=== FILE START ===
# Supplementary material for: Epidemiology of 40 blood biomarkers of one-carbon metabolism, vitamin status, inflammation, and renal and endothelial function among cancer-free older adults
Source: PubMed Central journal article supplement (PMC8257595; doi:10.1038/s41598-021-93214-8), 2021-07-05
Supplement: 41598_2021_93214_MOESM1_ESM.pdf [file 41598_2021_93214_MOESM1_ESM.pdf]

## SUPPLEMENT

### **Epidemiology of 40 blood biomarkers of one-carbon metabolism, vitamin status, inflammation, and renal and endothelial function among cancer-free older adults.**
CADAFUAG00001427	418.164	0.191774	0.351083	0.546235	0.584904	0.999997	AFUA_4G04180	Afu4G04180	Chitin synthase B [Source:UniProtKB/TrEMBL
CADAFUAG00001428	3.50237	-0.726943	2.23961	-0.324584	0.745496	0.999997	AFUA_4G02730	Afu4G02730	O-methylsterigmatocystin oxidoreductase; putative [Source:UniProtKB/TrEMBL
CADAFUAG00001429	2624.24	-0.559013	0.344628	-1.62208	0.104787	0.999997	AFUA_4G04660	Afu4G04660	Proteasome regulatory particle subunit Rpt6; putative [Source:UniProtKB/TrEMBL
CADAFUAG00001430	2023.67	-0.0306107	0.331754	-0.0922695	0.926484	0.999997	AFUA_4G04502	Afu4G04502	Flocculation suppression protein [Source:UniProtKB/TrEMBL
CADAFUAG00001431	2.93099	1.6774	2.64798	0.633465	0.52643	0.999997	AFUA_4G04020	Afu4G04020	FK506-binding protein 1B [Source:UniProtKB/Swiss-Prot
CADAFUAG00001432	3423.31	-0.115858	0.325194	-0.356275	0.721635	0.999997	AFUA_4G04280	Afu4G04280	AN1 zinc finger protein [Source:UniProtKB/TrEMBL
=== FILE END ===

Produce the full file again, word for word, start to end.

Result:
# Supplementary material for: Epidemiology of 40 blood biomarkers of one-carbon metabolism, vitamin status, inflammation, and renal and endothelial function among cancer-free older adults
Source: PubMed Central journal article supplement (PMC8257595; doi:10.1038/s41598-021-93214-8), 2021-07-05
Supplement: 41598_2021_93214_MOESM1_ESM.pdf [file 41598_2021_93214_MOESM1_ESM.pdf]

## SUPPLEMENT

### **Epidemiology of 40 blood biomarkers of one-carbon metabolism, vitamin status, inflammation, and renal and endothelial function among cancer-free older adults.**
CADAFUAG00001427	418.164	0.191774	0.351083	0.546235	0.584904	0.999997	AFUA_4G04180	Afu4G04180	Chitin synthase B [Source:UniProtKB/TrEMBL
CADAFUAG00001428	3.50237	-0.726943	2.23961	-0.324584	0.745496	0.999997	AFUA_4G02730	Afu4G02730	O-methylsterigmatocystin oxidoreductase; putative [Source:UniProtKB/TrEMBL
CADAFUAG00001429	2624.24	-0.559013	0.344628	-1.62208	0.104787	0.999997	AFUA_4G04660	Afu4G04660	Proteasome regulatory particle subunit Rpt6; putative [Source:UniProtKB/TrEMBL
CADAFUAG00001430	2023.67	-0.0306107	0.331754	-0.0922695	0.926484	0.999997	AFUA_4G04502	Afu4G04502	Flocculation suppression protein [Source:UniProtKB/TrEMBL
CADAFUAG00001431	2.93099	1.6774	2.64798	0.633465	0.52643	0.999997	AFUA_4G04020	Afu4G04020	FK506-binding protein 1B [Source:UniProtKB/Swiss-Prot
CADAFUAG00001432	3423.31	-0.115858	0.325194	-0.356275	0.721635	0.999997	AFUA_4G04280	Afu4G04280	AN1 zinc finger protein [Source:UniProtKB/TrEMBL